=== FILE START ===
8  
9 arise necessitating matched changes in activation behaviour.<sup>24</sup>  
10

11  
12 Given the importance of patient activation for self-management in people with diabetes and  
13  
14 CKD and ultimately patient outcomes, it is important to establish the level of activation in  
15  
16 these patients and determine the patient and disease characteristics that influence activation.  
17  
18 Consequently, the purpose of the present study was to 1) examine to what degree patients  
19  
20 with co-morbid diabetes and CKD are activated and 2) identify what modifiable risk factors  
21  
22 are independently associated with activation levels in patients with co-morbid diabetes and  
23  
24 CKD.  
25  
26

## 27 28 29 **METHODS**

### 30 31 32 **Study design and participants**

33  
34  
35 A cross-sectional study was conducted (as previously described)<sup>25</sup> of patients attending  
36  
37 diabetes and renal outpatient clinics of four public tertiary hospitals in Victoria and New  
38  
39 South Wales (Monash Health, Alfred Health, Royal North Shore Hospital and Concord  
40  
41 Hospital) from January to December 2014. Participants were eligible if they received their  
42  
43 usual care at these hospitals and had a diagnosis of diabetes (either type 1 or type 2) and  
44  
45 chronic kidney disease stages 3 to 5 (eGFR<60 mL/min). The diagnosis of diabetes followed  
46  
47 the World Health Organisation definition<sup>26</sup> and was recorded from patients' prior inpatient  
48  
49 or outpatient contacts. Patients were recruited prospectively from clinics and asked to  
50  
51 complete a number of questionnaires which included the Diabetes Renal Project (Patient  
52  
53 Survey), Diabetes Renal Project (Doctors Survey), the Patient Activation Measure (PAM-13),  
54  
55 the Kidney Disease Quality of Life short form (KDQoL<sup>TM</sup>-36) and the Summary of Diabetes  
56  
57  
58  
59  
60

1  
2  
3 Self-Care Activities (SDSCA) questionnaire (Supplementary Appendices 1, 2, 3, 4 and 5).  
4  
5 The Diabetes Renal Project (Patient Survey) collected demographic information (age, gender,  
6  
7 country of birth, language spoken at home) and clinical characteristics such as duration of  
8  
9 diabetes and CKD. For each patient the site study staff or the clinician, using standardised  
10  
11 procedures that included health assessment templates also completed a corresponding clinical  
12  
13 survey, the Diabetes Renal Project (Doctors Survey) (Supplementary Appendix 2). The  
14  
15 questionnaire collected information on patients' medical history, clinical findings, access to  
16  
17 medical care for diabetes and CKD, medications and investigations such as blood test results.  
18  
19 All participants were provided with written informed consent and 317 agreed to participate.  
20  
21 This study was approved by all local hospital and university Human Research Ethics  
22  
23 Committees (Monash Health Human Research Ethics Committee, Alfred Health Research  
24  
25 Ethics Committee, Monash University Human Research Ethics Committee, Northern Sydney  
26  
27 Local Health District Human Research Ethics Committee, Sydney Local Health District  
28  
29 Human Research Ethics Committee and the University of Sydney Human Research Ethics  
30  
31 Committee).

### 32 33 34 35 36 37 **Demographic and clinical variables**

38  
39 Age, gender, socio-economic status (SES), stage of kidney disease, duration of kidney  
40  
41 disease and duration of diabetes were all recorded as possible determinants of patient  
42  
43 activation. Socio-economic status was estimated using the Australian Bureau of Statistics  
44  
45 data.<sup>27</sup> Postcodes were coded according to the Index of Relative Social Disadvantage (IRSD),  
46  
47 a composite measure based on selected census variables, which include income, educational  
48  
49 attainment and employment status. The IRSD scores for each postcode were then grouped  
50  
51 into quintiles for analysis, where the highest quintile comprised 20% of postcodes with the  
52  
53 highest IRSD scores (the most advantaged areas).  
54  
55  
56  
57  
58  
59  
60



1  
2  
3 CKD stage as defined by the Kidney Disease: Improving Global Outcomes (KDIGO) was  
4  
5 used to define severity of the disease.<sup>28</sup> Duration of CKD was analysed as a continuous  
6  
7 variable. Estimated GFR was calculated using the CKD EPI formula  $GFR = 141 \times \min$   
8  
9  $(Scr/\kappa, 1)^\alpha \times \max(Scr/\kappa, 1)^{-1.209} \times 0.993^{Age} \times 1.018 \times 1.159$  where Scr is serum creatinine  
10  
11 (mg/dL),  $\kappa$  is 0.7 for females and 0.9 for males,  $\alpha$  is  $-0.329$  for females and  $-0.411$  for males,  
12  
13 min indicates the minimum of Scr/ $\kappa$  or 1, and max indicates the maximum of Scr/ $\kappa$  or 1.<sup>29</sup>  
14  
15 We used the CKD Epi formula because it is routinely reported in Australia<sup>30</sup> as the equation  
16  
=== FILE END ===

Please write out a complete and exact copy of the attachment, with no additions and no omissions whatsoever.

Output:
8  
9 arise necessitating matched changes in activation behaviour.<sup>24</sup>  
10

11  
12 Given the importance of patient activation for self-management in people with diabetes and  
13  
14 CKD and ultimately patient outcomes, it is important to establish the level of activation in  
15  
16 these patients and determine the patient and disease characteristics that influence activation.  
17  
18 Consequently, the purpose of the present study was to 1) examine to what degree patients  
19  
20 with co-morbid diabetes and CKD are activated and 2) identify what modifiable risk factors  
21  
22 are independently associated with activation levels in patients with co-morbid diabetes and  
23  
24 CKD.  
25  
26

## 27 28 29 **METHODS**

### 30 31 32 **Study design and participants**

33  
34  
35 A cross-sectional study was conducted (as previously described)<sup>25</sup> of patients attending  
36  
37 diabetes and renal outpatient clinics of four public tertiary hospitals in Victoria and New  
38  
39 South Wales (Monash Health, Alfred Health, Royal North Shore Hospital and Concord  
40  
41 Hospital) from January to December 2014. Participants were eligible if they received their  
42  
43 usual care at these hospitals and had a diagnosis of diabetes (either type 1 or type 2) and  
44  
45 chronic kidney disease stages 3 to 5 (eGFR<60 mL/min). The diagnosis of diabetes followed  
46  
47 the World Health Organisation definition<sup>26</sup> and was recorded from patients' prior inpatient  
48  
49 or outpatient contacts. Patients were recruited prospectively from clinics and asked to  
50  
51 complete a number of questionnaires which included the Diabetes Renal Project (Patient  
52  
53 Survey), Diabetes Renal Project (Doctors Survey), the Patient Activation Measure (PAM-13),  
54  
55 the Kidney Disease Quality of Life short form (KDQoL<sup>TM</sup>-36) and the Summary of Diabetes  
56  
57  
58  
59  
60

1  
2  
3 Self-Care Activities (SDSCA) questionnaire (Supplementary Appendices 1, 2, 3, 4 and 5).  
4  
5 The Diabetes Renal Project (Patient Survey) collected demographic information (age, gender,  
6  
7 country of birth, language spoken at home) and clinical characteristics such as duration of  
8  
9 diabetes and CKD. For each patient the site study staff or the clinician, using standardised  
10  
11 procedures that included health assessment templates also completed a corresponding clinical  
12  
13 survey, the Diabetes Renal Project (Doctors Survey) (Supplementary Appendix 2). The  
14  
15 questionnaire collected information on patients' medical history, clinical findings, access to  
16  
17 medical care for diabetes and CKD, medications and investigations such as blood test results.  
18  
19 All participants were provided with written informed consent and 317 agreed to participate.  
20  
21 This study was approved by all local hospital and university Human Research Ethics  
22  
23 Committees (Monash Health Human Research Ethics Committee, Alfred Health Research  
24  
25 Ethics Committee, Monash University Human Research Ethics Committee, Northern Sydney  
26  
27 Local Health District Human Research Ethics Committee, Sydney Local Health District  
28  
29 Human Research Ethics Committee and the University of Sydney Human Research Ethics  
30  
31 Committee).

### 32 33 34 35 36 37 **Demographic and clinical variables**

38  
39 Age, gender, socio-economic status (SES), stage of kidney disease, duration of kidney  
40  
41 disease and duration of diabetes were all recorded as possible determinants of patient  
42  
43 activation. Socio-economic status was estimated using the Australian Bureau of Statistics  
44  
45 data.<sup>27</sup> Postcodes were coded according to the Index of Relative Social Disadvantage (IRSD),  
46  
47 a composite measure based on selected census variables, which include income, educational  
48  
49 attainment and employment status. The IRSD scores for each postcode were then grouped  
50  
51 into quintiles for analysis, where the highest quintile comprised 20% of postcodes with the  
52  
53 highest IRSD scores (the most advantaged areas).  
54  
55  
56  
57  
58  
59  
60



1  
2  
3 CKD stage as defined by the Kidney Disease: Improving Global Outcomes (KDIGO) was  
4  
5 used to define severity of the disease.<sup>28</sup> Duration of CKD was analysed as a continuous  
6  
7 variable. Estimated GFR was calculated using the CKD EPI formula  $GFR = 141 \times \min$   
8  
9  $(Scr/\kappa, 1)^\alpha \times \max(Scr/\kappa, 1)^{-1.209} \times 0.993^{Age} \times 1.018 \times 1.159$  where Scr is serum creatinine  
10  
11 (mg/dL),  $\kappa$  is 0.7 for females and 0.9 for males,  $\alpha$  is  $-0.329$  for females and  $-0.411$  for males,  
12  
13 min indicates the minimum of Scr/ $\kappa$  or 1, and max indicates the maximum of Scr/ $\kappa$  or 1.<sup>29</sup>  
14  
15 We used the CKD Epi formula because it is routinely reported in Australia<sup>30</sup> as the equation  
16  